Tweeter in Chief No More
Bloomberg Businessweek|November 16, 2020
Donald Trump may find himself treated like an ordinary twitizen and without the special privileges provided to world leaders
Joshua Brustein, Sarah McGregor, and Jillian Ward

When President Trump leaves the White House on Jan. 20, one thing he’ll have to hand over to President-elect Joe Biden is his Twitter account.

Well, not that one. Trump will get to keep @realDonaldTrump, but the @POTUS account, which has 32.6 million followers, belongs to the president, whoever that may be. And while Trump has rarely used @POTUS for the diatribes and ramblings that have become synonymous with his presidency, he has used it to retweet messages from his personal account to tens of millions of people.

Trump’s loss of that additional megaphone is just one way the end of his term will set off a period of transition with his preferred online platform. While both sides have something to lose, Trump may be the one who will lose more.

The relationship between Trump and Twitter has always been complicated. His constant use of the social network has made it more politically relevant than ever before, and many Americans learned to turn to Twitter to keep track of what Trump is thinking. (One exception was Republican lawmakers, who so regularly denied reading his tweets that reporters took to carrying around printed-out versions of the president’s more controversial posts when seeking comment.) While the company’s mostly liberal employees are celebrating Biden’s victory, it’s become difficult to think of the Trump presidency without also thinking of his Twitter account and, conversely, to think of Twitter without President Trump.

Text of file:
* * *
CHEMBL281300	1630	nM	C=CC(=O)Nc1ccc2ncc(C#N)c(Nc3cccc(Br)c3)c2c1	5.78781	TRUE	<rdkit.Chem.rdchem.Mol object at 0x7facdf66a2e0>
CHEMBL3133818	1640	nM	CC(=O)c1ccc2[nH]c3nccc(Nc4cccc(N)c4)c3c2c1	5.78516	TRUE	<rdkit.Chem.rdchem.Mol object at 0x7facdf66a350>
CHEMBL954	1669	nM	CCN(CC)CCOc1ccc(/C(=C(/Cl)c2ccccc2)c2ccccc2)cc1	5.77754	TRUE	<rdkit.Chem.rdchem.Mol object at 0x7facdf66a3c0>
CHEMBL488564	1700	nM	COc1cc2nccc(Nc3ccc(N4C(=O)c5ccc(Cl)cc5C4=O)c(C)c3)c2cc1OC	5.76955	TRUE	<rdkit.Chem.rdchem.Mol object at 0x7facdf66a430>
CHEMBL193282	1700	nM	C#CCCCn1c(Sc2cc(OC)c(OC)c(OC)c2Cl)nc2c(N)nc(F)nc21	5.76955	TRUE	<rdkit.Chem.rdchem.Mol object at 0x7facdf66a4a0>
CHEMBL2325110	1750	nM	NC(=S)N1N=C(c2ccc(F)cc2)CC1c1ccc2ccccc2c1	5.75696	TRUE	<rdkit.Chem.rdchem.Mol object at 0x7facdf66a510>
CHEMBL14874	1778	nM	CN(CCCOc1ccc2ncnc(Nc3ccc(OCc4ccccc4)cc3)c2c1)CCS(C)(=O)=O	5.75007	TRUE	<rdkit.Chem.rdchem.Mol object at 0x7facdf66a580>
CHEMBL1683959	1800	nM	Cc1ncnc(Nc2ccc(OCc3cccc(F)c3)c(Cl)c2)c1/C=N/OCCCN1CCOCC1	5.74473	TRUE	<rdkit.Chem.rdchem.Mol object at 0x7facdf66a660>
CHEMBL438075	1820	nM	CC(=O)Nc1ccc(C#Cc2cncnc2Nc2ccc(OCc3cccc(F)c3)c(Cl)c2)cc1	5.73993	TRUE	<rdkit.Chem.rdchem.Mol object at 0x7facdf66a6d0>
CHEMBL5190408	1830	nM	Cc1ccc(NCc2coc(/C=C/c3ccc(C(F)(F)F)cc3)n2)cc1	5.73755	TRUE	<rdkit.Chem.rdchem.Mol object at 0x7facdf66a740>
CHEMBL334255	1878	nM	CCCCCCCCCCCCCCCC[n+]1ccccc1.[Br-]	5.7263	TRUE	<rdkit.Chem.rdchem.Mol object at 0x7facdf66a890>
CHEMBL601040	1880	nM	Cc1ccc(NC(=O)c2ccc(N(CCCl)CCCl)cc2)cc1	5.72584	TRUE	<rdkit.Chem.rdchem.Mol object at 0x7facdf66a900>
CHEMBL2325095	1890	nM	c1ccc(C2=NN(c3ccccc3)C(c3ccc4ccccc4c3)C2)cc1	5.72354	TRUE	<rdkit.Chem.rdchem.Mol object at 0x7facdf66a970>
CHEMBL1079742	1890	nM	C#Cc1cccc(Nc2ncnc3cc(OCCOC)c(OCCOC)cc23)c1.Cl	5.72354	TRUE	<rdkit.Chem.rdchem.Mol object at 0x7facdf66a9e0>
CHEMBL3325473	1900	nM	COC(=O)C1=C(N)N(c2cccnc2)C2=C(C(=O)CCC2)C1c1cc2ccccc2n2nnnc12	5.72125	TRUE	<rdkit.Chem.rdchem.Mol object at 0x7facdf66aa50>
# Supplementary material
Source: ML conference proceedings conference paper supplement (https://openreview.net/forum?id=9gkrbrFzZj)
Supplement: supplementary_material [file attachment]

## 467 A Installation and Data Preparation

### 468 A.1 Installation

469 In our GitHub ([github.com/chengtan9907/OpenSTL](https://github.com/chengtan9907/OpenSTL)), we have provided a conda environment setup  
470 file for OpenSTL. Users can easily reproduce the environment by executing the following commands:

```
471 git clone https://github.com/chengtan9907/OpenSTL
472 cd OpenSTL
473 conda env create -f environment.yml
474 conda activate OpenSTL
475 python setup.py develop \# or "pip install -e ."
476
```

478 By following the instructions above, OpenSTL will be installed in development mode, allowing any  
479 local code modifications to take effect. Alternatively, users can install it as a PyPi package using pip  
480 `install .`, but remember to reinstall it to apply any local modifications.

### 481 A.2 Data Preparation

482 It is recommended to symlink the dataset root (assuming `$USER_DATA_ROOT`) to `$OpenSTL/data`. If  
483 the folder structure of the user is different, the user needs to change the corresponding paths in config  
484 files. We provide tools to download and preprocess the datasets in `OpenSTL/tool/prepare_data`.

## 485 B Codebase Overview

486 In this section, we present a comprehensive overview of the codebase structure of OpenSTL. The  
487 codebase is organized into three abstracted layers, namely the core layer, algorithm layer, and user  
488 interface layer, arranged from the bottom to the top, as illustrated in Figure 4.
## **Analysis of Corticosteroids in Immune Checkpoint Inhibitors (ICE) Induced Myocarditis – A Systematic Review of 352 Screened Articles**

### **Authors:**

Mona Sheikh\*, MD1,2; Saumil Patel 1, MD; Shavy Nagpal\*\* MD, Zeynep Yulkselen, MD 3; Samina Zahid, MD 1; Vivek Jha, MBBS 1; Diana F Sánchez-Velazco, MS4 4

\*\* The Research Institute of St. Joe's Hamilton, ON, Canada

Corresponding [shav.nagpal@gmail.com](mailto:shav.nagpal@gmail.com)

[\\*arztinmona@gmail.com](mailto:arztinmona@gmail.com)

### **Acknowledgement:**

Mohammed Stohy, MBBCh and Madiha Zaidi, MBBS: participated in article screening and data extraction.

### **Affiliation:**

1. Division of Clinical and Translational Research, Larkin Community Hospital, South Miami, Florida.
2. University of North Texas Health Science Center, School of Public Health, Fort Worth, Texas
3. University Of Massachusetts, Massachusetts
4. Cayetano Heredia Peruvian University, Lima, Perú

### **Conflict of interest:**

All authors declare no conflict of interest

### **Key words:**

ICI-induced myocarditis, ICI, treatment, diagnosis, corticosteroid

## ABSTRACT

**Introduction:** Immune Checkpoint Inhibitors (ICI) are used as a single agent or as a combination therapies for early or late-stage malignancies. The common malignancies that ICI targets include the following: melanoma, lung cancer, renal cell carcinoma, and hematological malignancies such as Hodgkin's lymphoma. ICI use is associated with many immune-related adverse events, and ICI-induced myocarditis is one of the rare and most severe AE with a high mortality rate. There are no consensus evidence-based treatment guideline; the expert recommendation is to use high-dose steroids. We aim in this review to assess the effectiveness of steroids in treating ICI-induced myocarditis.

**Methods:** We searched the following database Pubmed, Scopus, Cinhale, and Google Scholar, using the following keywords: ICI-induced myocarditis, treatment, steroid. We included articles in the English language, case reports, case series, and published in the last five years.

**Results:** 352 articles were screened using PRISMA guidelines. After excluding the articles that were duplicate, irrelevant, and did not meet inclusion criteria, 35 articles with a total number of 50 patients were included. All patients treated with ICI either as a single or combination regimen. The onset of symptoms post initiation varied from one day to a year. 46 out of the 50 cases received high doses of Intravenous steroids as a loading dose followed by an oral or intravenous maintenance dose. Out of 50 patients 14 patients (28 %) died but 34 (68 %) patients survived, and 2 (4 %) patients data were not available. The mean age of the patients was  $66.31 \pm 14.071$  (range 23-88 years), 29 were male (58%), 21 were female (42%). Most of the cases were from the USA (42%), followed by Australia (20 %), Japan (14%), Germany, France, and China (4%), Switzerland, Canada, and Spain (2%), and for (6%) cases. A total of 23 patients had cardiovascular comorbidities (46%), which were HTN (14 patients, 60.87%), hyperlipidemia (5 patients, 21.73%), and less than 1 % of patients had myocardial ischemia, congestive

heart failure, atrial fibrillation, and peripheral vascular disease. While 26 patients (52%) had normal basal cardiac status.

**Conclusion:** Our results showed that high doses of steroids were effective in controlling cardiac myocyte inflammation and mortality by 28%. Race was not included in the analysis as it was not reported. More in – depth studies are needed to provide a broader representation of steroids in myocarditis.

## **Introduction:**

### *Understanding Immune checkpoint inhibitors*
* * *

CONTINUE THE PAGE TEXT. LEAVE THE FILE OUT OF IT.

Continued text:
This hasn’t always made things easy for Twitter Inc. Trump frequently violates the company’s rules against election misinformation and has crossed the line with other policies as well, such as glorifying violence and sharing Covid-19 misinformation. But Twitter also treats world leaders differently than regular users, and Trump has avoided the actions the company would likely have taken against him were he a private citizen. That special treatment will soon go away.

Trump was, of course, on Twitter before taking office. But the atmosphere surrounding social media content moderation was much different when he was pushing the boundaries as a candidate in 2016. Twitter didn’t spend much time discussing how to police his account before he unexpectedly won the presidency.

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